Women in tech, the workplace, society, etc . . .
buzzed, B&W
I went to a Meetup earlier this week titled Successful Women in Software Industry. Lots of thoughts, biases, etc, so trying to sort some of it out by writing, digesting, processing, etc.

I wasn't sure about going to this particular Meetup, as my previous experience with the group had been a bit of a wash - some semi-interesting technical stuff, but not a ton of value in terms of networking. I was also feeling a bit blah, so wasn't looking forward to biking across the bridge in the rain, but I'm glad I made myself go. I didn't network (nor did I attempt to), but the panel discussion was really interesting.

I remember the panelists introducing themselves:

  • Alice Nodelman - a hard-core dev, traditional CS degree, etc, hacking away at automation tools to help folks

  • Megan Bigelow - customer support manager

  • Leah Silber - CEO/Co-Founder of a small tech consultancy and an event organizer

  • Myllisa Patterson - Marketing director

As the introductions were winding down, I remember thinking that it was disappointing that there were more "real tech" folks up front, but then thinking that this really was a crazy bias. While it wasn't gender related, but software industry related, there's a definite stereotype that developers are the pinnacle of the tech community. Kind of a weird bias for me to acknowledge, especially as often as I spout how the non-profit sector needs to learn that their work is business as much as any other. Tech isn't that different - while the devs may generate some code, turning that into a real product, selling it, supporting it, etc is still business. This was the first churning in my mind that business is business, and that the story of women in tech is really just a subset of women in the workplace (and likely not that specialized of a subset).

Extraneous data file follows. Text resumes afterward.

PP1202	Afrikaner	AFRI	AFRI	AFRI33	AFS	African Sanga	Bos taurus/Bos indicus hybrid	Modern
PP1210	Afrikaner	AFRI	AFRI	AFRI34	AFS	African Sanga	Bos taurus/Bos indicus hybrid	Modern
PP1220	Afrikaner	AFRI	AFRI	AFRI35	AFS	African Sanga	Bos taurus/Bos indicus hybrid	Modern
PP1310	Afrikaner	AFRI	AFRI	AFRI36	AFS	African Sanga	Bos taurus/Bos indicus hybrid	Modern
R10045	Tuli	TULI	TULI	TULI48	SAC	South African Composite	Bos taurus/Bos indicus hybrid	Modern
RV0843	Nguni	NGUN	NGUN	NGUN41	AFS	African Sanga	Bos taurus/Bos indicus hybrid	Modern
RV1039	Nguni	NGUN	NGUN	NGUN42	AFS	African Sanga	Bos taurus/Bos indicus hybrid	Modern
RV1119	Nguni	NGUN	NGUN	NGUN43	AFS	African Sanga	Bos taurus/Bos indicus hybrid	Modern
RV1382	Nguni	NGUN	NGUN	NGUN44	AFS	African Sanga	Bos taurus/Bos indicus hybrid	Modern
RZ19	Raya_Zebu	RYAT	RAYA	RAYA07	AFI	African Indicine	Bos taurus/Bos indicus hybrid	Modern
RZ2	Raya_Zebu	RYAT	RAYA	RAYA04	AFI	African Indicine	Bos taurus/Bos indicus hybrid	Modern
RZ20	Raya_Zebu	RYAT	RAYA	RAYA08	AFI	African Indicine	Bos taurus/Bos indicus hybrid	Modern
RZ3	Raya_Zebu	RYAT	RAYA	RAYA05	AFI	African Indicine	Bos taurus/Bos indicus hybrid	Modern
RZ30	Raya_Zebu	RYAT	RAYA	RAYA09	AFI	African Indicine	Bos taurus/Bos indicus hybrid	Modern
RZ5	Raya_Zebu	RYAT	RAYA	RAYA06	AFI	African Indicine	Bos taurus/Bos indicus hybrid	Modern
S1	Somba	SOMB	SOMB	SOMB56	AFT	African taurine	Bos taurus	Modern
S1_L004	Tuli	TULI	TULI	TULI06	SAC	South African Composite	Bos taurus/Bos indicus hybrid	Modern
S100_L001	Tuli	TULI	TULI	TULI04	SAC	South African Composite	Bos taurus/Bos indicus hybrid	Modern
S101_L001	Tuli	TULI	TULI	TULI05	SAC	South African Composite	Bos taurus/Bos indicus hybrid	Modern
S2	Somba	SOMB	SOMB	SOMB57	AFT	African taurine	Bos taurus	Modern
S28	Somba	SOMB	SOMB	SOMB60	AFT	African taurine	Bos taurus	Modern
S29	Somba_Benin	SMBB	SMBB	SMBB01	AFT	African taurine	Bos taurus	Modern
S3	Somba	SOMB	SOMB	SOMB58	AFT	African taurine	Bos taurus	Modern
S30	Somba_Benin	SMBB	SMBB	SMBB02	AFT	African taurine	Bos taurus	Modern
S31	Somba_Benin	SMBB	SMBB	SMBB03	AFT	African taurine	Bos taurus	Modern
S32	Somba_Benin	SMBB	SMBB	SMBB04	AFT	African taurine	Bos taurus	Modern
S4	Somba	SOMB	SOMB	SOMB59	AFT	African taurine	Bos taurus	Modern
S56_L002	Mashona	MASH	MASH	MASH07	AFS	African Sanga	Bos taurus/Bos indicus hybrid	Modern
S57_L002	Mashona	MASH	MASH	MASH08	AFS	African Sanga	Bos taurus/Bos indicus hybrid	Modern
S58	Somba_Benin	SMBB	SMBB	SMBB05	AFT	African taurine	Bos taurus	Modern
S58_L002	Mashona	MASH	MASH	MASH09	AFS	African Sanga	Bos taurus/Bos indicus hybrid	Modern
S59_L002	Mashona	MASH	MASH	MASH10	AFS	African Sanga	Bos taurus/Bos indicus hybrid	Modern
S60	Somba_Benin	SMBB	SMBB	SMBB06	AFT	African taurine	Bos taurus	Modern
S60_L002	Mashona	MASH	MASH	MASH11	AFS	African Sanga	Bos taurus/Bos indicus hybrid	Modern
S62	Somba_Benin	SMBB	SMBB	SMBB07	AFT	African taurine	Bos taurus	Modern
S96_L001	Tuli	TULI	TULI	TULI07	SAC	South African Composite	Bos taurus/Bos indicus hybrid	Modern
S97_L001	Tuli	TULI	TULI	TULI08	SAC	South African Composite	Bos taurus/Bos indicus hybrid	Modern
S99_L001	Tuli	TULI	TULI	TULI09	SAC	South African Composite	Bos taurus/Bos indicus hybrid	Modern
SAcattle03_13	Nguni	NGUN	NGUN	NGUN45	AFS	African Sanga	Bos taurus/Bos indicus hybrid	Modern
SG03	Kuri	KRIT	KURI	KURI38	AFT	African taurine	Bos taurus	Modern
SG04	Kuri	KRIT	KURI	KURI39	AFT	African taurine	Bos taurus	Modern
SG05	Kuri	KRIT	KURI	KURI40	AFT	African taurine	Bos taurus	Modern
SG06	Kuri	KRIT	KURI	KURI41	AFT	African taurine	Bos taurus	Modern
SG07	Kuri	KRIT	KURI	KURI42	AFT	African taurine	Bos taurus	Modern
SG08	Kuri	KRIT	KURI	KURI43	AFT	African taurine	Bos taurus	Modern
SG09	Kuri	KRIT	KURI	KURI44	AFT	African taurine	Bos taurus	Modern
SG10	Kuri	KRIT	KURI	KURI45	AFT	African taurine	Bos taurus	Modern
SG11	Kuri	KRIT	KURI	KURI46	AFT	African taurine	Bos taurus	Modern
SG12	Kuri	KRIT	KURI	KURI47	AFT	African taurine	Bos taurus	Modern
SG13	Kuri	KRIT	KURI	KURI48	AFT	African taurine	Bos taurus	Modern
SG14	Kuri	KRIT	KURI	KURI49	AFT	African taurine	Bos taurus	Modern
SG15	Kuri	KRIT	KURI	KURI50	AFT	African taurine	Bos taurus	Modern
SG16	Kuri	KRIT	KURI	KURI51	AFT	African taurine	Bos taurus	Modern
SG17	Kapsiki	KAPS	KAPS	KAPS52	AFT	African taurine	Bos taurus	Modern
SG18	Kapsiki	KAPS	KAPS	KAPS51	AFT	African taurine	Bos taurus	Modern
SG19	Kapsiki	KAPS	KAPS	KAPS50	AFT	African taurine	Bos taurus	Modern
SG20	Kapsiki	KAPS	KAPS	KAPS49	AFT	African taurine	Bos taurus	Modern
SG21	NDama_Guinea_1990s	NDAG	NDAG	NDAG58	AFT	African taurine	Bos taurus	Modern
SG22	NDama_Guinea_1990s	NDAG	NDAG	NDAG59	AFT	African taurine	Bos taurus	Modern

Nodelman was the most interesting panelist to me - she shared a few anecdotes that resonated. The first was that she's had to make some rules for herself, one of them being never to drink with co-workers. Definitely a sign of a problem that she's mentioning this as advice for others, and this really felt like advice that's along the same lines as not wearing short skirts or showing cleavage, i.e. the idea of teaching women how to avoid bad situations, rather than addressing the creation of these situations.

The second point that resonated was that she was talking about how she has a partner and a 4-year old, and the experiences around being a parent. How co-workers would ask how she was planning on being a mother, what she planned on doing, etc, none of which would have been asked for male counterparts.

She also mentioned the idea of medicine and the law being examples of where these gaps had closed, though that doesn't feel right to me. The number of women in the demanding positions (mainly in terms of time), e.g. surgeons, law partners, etc is still abysmal.

She went on to talk about how she's not a fan of these types of events, that she's frustrated that she's not seeing change, and she feels she has more impact mentoring and tutoring with Code Oregon than being a role-model. Silber also touched on the idea of role-models, that for conferences she organizes, she tries to balance the speakers, that it takes effort to find them.

I got more frustrated as Bigelow discussed the networking group she co-founded, PDX Women in Tech, and other were talking about mentoring, networking, etc, talking about how there's a confidence gap, that women are reluctant to apply for positions they're not skilled in (on paper). Silber told an anecdote about how she's struggled to not cry at meetings (and the counter-example of a powerful male she heard of who was a crier).